Patient advocates call for Chafee to license R.I. medical-marijuana dispensaries
01:00 AM EDT on Wednesday, September 28, 2011
By W. Zachary Malinowski
Journal Staff Writer
PROVIDENCE — Patients and advocates in the state’s medical-marijuana program rallied at the State House Tuesday to voice their frustration and disappointment in Governor Chafee for failing to issue licenses to three marijuana dispensaries that are permitted under Rhode Island law.
Speaker after speaker stepped up to the lectern outside the chambers of the General Assembly and reminded the small crowd of about 30 supporters that the governor has been dragging his feet for 149 days. That was when the Health Department announced that it had selected three businesses to sell marijuana to patients registered in the state program.
The dispensaries are: the Thomas C. Slater Compassion Center in Providence, Summit Medical Compassion Center in Warwick and Greenleaf Compassionate Care Center in Portsmouth.
They hoisted signs that read, “Hey Chafee Which State Law Will You Ignore Today,” and “69% of Rhode Islanders Support Compassion Ctrs; 36 % Support Chafee. Wake Up Governor.”
JoAnne Leppanen, executive director of the Rhode Island Patient Advocacy Coalition, said that patients and advocates are so fed up with Chafee’s inertia that they are exploring the possibility of filing a lawsuit against him.
“We are going to appeal to the judiciary and see if a judge will order the governor to issue the licenses,” she said.
She said that they have spoken with representatives from the American Civil Liberties Union about taking legal action against Chafee. Steven Brown, executive director of the ACLU’s local affiliate, attended the rally. He said that Chafee should end the delays.
“There is nothing preventing the governor from issuing these licenses,” he said.
Christine Hunsinger, Chafee’s communications director, did not respond to requests for a comment.
A few weeks after the Health Department announced the selection of the three dispensaries last spring, Peter F. Neronha, the U.S. Attorney for Rhode Island, sent Chafee a letter, warning him that if he issued the licenses, the operators and anyone affiliated with the new businesses could face criminal and civil action.
Neronha’s letter was identical to letters that other federal prosecutors sent to governors in states such as Maine, Vermont and New Jersey that passed laws permitting the establishment of marijuana dispensaries.
Neronha’s threat caused Chafee to place plans to issue the licenses on hold. He and members of his staff said they wanted to study the issue further, and get clarification from the Justice Department in Washington.
Chafee’s decision didn’t sit well with the operators of the three dispensaries in Rhode Island. The growing number of patients in the program, now about 4,000, also were furious. They said that they have to turn to drug dealers, or go without marijuana, to cope with debilitating illnesses such as chronic pain, nausea from cancer treatment, insomnia and neurological problems.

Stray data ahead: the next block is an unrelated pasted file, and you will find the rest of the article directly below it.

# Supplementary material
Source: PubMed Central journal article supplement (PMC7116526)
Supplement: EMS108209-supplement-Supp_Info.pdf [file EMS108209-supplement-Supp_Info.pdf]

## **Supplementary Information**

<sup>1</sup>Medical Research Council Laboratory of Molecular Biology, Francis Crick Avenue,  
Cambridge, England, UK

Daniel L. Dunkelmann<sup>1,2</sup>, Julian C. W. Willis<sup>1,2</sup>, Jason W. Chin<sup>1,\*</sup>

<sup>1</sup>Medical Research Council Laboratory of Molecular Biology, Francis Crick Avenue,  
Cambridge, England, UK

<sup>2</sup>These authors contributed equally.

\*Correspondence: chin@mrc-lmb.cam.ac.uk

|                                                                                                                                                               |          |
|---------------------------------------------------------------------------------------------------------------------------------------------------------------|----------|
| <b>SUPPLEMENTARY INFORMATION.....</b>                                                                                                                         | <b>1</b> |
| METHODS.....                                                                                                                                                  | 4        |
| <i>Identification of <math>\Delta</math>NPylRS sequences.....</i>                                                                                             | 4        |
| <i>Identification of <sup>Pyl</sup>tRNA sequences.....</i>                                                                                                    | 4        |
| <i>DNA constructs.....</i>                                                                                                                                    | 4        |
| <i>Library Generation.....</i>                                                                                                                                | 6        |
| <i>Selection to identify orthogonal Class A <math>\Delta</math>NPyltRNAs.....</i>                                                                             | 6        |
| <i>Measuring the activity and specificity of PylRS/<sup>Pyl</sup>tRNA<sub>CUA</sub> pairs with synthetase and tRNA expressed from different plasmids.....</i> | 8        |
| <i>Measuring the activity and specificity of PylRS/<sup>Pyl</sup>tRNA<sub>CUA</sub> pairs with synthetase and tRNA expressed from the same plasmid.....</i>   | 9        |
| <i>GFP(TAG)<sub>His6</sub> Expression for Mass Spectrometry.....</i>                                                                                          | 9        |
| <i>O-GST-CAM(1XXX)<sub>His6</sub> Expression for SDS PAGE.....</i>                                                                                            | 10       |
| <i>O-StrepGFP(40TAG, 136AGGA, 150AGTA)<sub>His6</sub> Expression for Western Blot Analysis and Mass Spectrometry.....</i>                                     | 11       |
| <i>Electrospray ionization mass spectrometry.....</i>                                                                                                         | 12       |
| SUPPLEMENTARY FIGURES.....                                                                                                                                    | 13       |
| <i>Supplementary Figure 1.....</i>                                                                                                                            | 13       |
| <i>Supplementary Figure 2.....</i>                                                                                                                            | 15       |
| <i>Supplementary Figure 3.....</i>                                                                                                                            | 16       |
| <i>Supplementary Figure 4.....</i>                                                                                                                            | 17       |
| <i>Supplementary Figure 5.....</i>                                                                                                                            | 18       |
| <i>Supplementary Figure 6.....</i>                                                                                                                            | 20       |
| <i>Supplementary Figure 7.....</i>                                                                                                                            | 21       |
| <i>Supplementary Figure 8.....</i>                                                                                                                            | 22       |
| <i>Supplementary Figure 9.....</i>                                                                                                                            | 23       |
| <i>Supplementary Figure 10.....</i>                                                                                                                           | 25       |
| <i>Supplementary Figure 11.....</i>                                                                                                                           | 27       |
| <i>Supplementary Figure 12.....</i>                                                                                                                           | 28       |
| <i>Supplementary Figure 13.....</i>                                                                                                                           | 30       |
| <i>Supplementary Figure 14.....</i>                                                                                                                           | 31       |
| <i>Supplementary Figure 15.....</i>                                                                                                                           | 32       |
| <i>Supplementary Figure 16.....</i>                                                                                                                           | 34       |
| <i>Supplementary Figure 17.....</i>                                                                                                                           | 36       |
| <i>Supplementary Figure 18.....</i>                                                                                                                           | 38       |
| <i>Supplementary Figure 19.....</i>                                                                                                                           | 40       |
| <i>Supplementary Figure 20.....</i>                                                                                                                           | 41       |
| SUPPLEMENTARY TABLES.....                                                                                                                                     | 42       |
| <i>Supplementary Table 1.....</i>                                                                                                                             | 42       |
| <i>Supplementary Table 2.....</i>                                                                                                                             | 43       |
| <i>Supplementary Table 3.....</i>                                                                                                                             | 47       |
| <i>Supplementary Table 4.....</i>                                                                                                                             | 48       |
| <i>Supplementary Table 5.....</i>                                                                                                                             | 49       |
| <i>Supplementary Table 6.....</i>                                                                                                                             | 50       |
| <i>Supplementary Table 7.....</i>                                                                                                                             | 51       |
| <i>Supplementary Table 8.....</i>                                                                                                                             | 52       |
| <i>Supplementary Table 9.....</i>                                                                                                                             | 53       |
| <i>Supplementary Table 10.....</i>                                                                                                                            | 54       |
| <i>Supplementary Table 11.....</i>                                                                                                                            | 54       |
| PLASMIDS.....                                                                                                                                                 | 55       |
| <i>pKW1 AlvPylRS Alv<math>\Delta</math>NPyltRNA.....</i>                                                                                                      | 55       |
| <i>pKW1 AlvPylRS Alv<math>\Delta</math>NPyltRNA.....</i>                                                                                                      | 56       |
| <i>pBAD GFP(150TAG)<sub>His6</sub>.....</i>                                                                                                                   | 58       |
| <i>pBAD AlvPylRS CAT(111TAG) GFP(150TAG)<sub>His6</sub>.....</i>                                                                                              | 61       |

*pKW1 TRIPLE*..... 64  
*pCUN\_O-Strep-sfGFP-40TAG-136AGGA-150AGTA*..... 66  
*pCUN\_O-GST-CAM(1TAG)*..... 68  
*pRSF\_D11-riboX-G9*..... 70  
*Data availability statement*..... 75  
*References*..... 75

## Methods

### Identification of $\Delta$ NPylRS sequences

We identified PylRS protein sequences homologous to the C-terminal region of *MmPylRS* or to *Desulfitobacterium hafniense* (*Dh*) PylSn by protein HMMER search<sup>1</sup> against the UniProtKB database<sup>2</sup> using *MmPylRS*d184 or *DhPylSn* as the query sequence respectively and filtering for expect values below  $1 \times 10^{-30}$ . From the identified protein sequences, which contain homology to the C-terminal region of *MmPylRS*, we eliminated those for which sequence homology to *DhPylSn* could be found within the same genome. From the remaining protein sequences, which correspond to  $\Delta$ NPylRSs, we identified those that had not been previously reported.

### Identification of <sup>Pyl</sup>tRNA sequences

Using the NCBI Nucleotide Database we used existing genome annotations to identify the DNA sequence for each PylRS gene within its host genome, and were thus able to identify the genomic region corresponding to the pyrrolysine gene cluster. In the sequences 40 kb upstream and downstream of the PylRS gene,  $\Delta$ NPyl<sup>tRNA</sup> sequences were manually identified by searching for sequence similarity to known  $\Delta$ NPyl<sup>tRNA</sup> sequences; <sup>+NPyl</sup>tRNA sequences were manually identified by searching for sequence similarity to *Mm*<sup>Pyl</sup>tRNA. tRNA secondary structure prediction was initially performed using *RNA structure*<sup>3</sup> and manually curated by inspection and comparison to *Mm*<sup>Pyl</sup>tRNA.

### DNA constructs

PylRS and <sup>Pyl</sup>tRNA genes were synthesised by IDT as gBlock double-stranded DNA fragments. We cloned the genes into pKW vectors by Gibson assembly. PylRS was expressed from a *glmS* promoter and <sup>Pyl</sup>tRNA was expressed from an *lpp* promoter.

The patients and advocates also point out that Maine, Vermont, Delaware, New Jersey and the District of Columbia have ignored the federal threats and are pressing ahead with plans to open dispensaries. At least two are open for business in Maine and, in New Jersey, Gov. Christopher J. Christie, a former U.S. Attorney, said two months ago, “It’s a risk that I’m taking as governor.”
Rep. Scott A. Slater, D-Providence, the son of Rep. Thomas C. Slater, D-Providence, the late legislator who championed the legalization of marijuana, said it’s time for Chafee to pull the trigger. He said the issue has been “reviewed and researched” enough. He said that he will not entertain any suggestion from Chafee that the General Assembly revisit or change state marijuana laws.
“The needs of the patients are more important than threats from the federal government,” Slater told the crowd. “I hope the governor and his team will give you the respect you deserve.”
Under the current system, licensed caregivers are the only ones in the state who can legally grow marijuana for patients in the program. That number has grown to about 2,500, but many patients have disagreements with their caregivers over pricing, or sometimes, the crops simply go bad.
As a result, they cannot get the marijuana for medicinal purposes. The compassion centers would ensure that the drug is always available.
Leppanen, RIPAC’s top official, said that this summer’s humidity and the power disruption from Tropical Storm Irene damaged a large portion of the caregivers’ crops. She said the delays in issuing the dispensary licenses “is causing real stress. Real pain.”